A proportion of the fentanyl-plus-stimulant overdoses may be due to the fact that fentanyl has now been found, often unexpectedly, in virtually every other type of illicit drug.
Shover thinks that in the majority of cases, the combined use was intentional. People have long combined stimulants and opioids, creating so-called speedballs of cocaine and heroin or goofballs of methamphetamine and heroin.
“But it’s hard to tell with data, because you can’t interview the data. And it’s rare you have an actual substance that you can test,” she said.
In the study, autopsy reports for people whose deaths were attributed to polysubstance overdoses noted significant amounts of both stimulants and fentanyl in their systems, but the data did not show whether the drugs were taken together or at different times.
“It doesn’t distinguish between someone who used methamphetamine or cocaine in the morning and fentanyl in the afternoon and those who used them together and then overdosed,” Shover said.
‘A very dark tone’
Given the long trend of combining opioids and stimulants, “when fentanyl started to sweep the nation, it was ripe for combination,” said Anna Childress, an adjunct professor of psychiatry at the University of Pennsylvania Perelman School of Medicine, who studies addiction medicine. Childress was not involved in the new study.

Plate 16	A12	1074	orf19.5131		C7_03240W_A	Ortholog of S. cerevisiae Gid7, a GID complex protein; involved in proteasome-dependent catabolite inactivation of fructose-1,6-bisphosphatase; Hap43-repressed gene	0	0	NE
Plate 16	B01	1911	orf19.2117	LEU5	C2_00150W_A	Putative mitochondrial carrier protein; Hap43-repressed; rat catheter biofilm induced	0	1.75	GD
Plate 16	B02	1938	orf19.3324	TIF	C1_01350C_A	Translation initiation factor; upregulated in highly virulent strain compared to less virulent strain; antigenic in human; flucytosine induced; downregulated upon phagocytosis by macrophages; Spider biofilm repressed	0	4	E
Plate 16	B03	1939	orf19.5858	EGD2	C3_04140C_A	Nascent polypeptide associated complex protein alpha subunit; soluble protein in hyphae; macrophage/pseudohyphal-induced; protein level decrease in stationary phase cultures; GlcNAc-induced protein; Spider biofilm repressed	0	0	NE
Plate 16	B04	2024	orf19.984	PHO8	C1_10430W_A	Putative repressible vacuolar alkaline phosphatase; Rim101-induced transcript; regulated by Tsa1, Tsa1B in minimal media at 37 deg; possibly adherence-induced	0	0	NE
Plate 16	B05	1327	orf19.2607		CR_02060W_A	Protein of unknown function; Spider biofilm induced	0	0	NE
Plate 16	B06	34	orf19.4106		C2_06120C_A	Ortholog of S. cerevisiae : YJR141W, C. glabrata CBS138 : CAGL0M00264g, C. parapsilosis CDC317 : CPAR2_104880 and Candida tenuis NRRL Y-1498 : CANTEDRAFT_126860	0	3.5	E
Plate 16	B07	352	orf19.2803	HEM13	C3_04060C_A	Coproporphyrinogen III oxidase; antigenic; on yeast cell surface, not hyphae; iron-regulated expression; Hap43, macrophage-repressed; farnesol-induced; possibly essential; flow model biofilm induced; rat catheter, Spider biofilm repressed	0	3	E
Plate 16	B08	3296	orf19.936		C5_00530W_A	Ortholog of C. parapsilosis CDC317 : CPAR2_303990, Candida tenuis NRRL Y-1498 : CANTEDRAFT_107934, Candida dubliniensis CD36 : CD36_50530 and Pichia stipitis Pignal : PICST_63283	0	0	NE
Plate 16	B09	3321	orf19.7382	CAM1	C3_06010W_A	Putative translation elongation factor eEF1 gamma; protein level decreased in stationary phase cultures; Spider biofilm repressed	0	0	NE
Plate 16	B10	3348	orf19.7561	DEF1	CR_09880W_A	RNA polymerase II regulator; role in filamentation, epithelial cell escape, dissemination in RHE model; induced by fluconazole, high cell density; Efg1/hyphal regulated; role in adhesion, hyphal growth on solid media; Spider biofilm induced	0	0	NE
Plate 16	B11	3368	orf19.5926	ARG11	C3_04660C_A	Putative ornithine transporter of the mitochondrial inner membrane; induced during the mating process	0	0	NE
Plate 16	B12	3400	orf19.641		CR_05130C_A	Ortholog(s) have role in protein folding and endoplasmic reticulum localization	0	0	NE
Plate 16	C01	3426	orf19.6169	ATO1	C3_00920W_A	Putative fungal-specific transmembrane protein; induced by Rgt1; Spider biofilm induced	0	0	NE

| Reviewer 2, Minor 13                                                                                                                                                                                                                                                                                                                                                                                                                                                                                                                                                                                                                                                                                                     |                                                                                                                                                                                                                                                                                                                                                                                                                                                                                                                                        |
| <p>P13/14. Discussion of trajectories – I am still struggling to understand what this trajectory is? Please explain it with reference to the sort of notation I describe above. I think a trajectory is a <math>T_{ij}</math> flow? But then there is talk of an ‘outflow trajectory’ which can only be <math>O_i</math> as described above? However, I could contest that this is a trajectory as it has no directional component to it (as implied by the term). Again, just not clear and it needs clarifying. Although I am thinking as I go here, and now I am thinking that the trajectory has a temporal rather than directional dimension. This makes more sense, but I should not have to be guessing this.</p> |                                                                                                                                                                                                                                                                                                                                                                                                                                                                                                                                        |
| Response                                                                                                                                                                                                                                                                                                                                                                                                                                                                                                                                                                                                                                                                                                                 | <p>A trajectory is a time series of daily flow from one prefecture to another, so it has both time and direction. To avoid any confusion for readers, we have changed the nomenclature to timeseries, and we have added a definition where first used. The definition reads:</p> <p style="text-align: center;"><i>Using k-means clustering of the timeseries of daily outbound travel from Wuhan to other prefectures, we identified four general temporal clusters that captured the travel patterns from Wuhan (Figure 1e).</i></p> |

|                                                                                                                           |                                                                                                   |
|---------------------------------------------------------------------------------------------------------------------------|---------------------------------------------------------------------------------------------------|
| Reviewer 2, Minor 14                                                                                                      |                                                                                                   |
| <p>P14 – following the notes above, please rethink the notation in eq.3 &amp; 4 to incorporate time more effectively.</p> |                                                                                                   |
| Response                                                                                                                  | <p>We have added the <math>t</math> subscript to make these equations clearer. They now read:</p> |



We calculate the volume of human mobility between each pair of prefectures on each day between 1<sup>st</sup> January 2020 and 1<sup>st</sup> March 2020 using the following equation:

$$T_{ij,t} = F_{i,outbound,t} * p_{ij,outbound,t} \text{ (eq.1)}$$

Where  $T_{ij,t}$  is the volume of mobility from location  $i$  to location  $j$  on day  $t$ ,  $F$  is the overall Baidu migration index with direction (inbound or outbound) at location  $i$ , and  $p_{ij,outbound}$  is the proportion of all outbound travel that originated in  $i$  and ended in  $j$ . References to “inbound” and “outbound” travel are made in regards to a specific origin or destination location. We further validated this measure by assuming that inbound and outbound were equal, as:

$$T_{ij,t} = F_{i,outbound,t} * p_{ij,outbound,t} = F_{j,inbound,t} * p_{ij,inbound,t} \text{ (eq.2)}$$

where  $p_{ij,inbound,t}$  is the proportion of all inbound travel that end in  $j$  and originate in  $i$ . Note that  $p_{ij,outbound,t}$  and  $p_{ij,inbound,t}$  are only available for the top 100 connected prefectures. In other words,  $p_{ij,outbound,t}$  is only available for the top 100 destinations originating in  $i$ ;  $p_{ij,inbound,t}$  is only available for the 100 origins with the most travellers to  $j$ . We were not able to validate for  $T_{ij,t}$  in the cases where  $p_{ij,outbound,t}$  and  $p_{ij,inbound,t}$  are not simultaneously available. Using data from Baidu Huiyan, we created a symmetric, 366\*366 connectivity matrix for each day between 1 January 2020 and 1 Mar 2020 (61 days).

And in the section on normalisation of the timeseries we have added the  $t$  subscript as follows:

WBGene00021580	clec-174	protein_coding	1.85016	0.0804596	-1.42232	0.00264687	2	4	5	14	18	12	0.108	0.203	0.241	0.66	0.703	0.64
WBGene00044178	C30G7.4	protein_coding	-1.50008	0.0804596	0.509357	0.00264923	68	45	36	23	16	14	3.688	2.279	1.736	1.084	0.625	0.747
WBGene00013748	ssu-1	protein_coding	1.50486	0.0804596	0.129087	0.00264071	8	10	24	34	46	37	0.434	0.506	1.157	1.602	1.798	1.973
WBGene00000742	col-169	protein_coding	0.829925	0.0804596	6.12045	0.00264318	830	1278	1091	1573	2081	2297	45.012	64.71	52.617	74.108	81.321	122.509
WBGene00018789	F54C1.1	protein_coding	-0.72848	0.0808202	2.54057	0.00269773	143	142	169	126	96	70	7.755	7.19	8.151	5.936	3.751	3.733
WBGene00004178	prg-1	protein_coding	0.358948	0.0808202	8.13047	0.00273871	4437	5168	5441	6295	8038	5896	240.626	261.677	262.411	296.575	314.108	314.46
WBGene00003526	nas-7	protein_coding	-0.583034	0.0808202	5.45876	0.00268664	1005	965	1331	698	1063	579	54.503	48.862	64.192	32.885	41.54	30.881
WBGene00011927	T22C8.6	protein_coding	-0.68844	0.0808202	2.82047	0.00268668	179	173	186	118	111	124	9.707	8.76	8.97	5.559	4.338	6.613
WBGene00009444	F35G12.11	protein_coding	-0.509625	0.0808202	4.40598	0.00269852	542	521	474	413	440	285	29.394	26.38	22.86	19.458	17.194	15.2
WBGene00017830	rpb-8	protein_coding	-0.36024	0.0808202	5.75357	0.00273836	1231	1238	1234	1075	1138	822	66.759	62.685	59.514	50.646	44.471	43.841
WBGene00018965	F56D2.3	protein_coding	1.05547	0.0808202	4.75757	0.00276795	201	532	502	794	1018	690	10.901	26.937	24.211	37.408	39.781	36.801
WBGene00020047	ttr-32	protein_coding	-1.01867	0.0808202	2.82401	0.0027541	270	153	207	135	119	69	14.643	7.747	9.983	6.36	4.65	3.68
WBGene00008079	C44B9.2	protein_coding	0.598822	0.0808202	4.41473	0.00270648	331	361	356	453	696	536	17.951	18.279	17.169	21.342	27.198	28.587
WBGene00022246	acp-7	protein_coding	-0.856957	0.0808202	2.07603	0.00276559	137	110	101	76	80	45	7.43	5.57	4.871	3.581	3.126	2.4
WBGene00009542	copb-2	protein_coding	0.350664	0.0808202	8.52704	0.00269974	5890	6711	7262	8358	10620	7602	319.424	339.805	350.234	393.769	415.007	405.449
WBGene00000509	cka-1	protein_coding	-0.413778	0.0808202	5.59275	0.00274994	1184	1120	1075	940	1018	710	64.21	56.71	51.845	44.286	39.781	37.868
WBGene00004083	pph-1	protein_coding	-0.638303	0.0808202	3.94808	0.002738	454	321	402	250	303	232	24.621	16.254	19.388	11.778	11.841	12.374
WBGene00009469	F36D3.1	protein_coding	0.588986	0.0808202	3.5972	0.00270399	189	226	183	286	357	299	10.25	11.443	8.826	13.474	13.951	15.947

The difference now is that fentanyl is roughly 50 times more potent than heroin.
“The whole picture takes on a very dark tone,” Childress said. “A little bit of fentanyl can easily kill someone who is primarily a stimulant user. Even people who are primary opioid users are dying left and right of fentanyl overdoses.”
Fentanyl is a quick high, and combining it with a stimulant can extend feelings of euphoria, another reason people might intentionally use them together. Stimulants and opioids also have opposite effects on the body, which can lead people to use one to counteract the effects of the other, said Magdalena Cerdá, the director of the Center for Opioid Epidemiology and Policy at the NYU Grossman School of Medicine in New York City.